Cancer Awareness: Ready for Education & Screening (CARES) Program

Sometimes it’s just not as simple as making an appointment. In order to get screened for cervical cancer, Ramira needs to arrange care for her two children, cover transit costs and try to access information in her own language. On top of that, she’s concerned about ensuring that the test is done by a female practitioner.

Research has shown that more than half of women diagnosed with new cases of cervical cancer have never or seldom been screened.

We know that cervical cancer screening and mammography save lives, so it’s crucial to reach out to those who have not been screened or who are behind in screening. The CARES project (Cancer Awareness: Ready for Education & Screening) is reaching out to women who are homeless, under-housed, low income, immigrants or refugees, as well as people who identify as lesbian, bisexual, transgender or queer.

Funded by Cancer Care Ontario, CARES takes education and outreach into the community to provide on-site educational sessions at agencies that provide services to these target groups. The project is a collaboration between Women’s College Hospital, St. Michael’s Hospital and more than a dozen community-based agencies within the Toronto Central LHIN. The goal of this collaboration is to improve breast and cervical cancer screening rates.

Its wide scope is one of the unique aspects of CARES; it targets many different groups of under- or never-screened women. “Usually this type of intervention is focused on a single group,” says CARES project and research manager Catherine Moravac. “Our project aims to reach a wide cross-section of people.”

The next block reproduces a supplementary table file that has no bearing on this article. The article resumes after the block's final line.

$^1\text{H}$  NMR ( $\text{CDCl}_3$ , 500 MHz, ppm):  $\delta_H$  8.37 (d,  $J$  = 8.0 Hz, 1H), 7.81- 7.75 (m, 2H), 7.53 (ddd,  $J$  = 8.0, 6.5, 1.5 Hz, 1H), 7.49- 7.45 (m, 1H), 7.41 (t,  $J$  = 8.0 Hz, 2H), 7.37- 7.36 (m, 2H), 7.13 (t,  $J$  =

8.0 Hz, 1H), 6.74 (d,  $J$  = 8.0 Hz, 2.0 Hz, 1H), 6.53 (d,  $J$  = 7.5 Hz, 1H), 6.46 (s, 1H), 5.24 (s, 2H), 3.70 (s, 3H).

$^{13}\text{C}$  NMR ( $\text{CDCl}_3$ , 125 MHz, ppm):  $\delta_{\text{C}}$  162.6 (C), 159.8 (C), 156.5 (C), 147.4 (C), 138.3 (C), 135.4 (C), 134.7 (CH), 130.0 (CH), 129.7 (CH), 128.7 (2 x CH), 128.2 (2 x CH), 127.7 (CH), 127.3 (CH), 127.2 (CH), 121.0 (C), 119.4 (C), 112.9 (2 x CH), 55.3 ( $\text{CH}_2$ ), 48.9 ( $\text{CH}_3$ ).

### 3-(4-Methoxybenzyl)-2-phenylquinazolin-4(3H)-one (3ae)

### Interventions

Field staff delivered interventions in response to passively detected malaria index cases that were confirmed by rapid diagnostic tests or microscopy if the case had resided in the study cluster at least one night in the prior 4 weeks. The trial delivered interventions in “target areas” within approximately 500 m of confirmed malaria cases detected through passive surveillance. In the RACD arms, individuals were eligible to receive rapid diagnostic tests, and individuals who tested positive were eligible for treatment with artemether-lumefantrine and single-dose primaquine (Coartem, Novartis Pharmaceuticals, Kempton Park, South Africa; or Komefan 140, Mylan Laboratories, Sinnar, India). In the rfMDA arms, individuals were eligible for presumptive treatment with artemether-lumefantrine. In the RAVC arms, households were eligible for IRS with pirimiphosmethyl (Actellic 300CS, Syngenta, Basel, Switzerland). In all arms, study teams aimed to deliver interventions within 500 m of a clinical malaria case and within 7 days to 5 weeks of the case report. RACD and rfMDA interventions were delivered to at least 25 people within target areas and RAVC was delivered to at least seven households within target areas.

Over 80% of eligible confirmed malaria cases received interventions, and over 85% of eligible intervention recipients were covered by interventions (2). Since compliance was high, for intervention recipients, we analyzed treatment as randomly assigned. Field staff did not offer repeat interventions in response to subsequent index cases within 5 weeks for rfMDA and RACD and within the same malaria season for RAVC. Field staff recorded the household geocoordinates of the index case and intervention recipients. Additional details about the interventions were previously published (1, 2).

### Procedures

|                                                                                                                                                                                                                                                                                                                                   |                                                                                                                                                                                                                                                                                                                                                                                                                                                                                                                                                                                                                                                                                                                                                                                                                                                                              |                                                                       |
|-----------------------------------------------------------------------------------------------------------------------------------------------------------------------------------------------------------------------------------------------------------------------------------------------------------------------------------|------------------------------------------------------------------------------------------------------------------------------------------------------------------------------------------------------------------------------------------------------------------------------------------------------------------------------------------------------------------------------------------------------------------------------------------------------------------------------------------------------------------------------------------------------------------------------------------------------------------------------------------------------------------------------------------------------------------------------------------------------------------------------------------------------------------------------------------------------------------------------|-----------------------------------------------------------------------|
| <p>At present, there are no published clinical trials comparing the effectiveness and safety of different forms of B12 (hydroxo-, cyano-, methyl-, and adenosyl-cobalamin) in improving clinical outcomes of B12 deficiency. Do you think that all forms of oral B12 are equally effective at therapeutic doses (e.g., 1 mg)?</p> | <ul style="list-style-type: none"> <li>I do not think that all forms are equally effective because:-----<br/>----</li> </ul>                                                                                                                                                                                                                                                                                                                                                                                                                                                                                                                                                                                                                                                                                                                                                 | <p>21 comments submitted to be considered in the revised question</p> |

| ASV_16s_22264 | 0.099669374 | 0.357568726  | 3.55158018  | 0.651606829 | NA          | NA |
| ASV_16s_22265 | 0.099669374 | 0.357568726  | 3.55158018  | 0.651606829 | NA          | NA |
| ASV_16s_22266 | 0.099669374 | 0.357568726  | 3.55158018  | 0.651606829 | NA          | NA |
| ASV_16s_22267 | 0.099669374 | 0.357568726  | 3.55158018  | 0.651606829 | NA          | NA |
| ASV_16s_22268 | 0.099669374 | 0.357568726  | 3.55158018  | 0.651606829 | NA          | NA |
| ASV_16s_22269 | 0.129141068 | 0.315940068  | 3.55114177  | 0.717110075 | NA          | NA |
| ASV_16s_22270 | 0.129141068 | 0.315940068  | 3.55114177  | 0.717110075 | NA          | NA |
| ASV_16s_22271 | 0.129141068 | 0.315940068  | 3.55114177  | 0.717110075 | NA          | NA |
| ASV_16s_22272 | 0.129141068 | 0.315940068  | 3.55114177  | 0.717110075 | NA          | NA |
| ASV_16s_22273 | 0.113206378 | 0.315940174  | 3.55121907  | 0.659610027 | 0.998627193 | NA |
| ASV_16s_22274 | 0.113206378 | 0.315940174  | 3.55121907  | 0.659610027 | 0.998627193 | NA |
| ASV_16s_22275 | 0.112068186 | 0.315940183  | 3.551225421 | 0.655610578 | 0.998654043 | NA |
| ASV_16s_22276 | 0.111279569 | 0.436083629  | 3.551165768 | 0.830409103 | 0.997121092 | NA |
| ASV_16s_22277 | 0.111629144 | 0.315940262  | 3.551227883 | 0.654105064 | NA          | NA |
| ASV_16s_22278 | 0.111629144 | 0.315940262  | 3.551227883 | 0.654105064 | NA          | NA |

The program aims to reduce barriers that may prevent women from getting screened. For example, the concept of preventive health care may not resonate with all cultural groups, and many women have obstacles like child care, transit costs and language barriers. The program provides socially and culturally appropriate education materials and systematically breaks down barriers to screening by:

• arranging child care during the presentations

• providing TTC tokens so women can attend the presentation and get to screening appointments

• presenting the information and resource materials in different languages

• using multilingual peer educators

• providing female health-care professionals for screening procedures

• bringing care to the places that underscreened women already frequent

CARES ensures that women have the opportunity to have same-day Pap testing after the education session, as well as the opportunity to book a future Pap or mammography appointment. Peer educators also accompany groups of women to mammography appointments to provide support and help with things like filling out forms in English.

The CARES project has a dedicated nurse practitioner who will perform Pap tests and follow up with women. Some of the community partners are Community Health Centres which are also able to provide on-site Pap testing. At other sites, CARES has arranged for the use of a mobile bus with Pap-testing facilities, so the test can be done where it’s most convenient and discreet for women.

The project also includes a research component that will collect and analyze data on the impact of the program on screening rates, changes in knowledge, attitudes, susceptibility and screening behaviour before and after the program.

“As an ambulatory care facility, it’s important for Women’s College Hospital to be out in the community,” says Dr. Sheila Dunn, research director at the Family Practice Health Centre at Women’s College Hospital. “It’s breaking down the walls within the health-care system and delivering real solutions to the patients who need them most.”

Catherine Moravac
CARES Project and Research Manager
Women’s College Hospital
Dr. Sheila Dunn
Research Director of the Family Practice Health Centre
Women’s College Hospital


Ontario’s Action Plan for Health Care, Ministry of Health and Long-Term Care

“Ontario ranks among the best in the world with our cancer survival rates. However, we must be relentless in maintaining our efforts to save lives and early detection is fundamental to this effort.”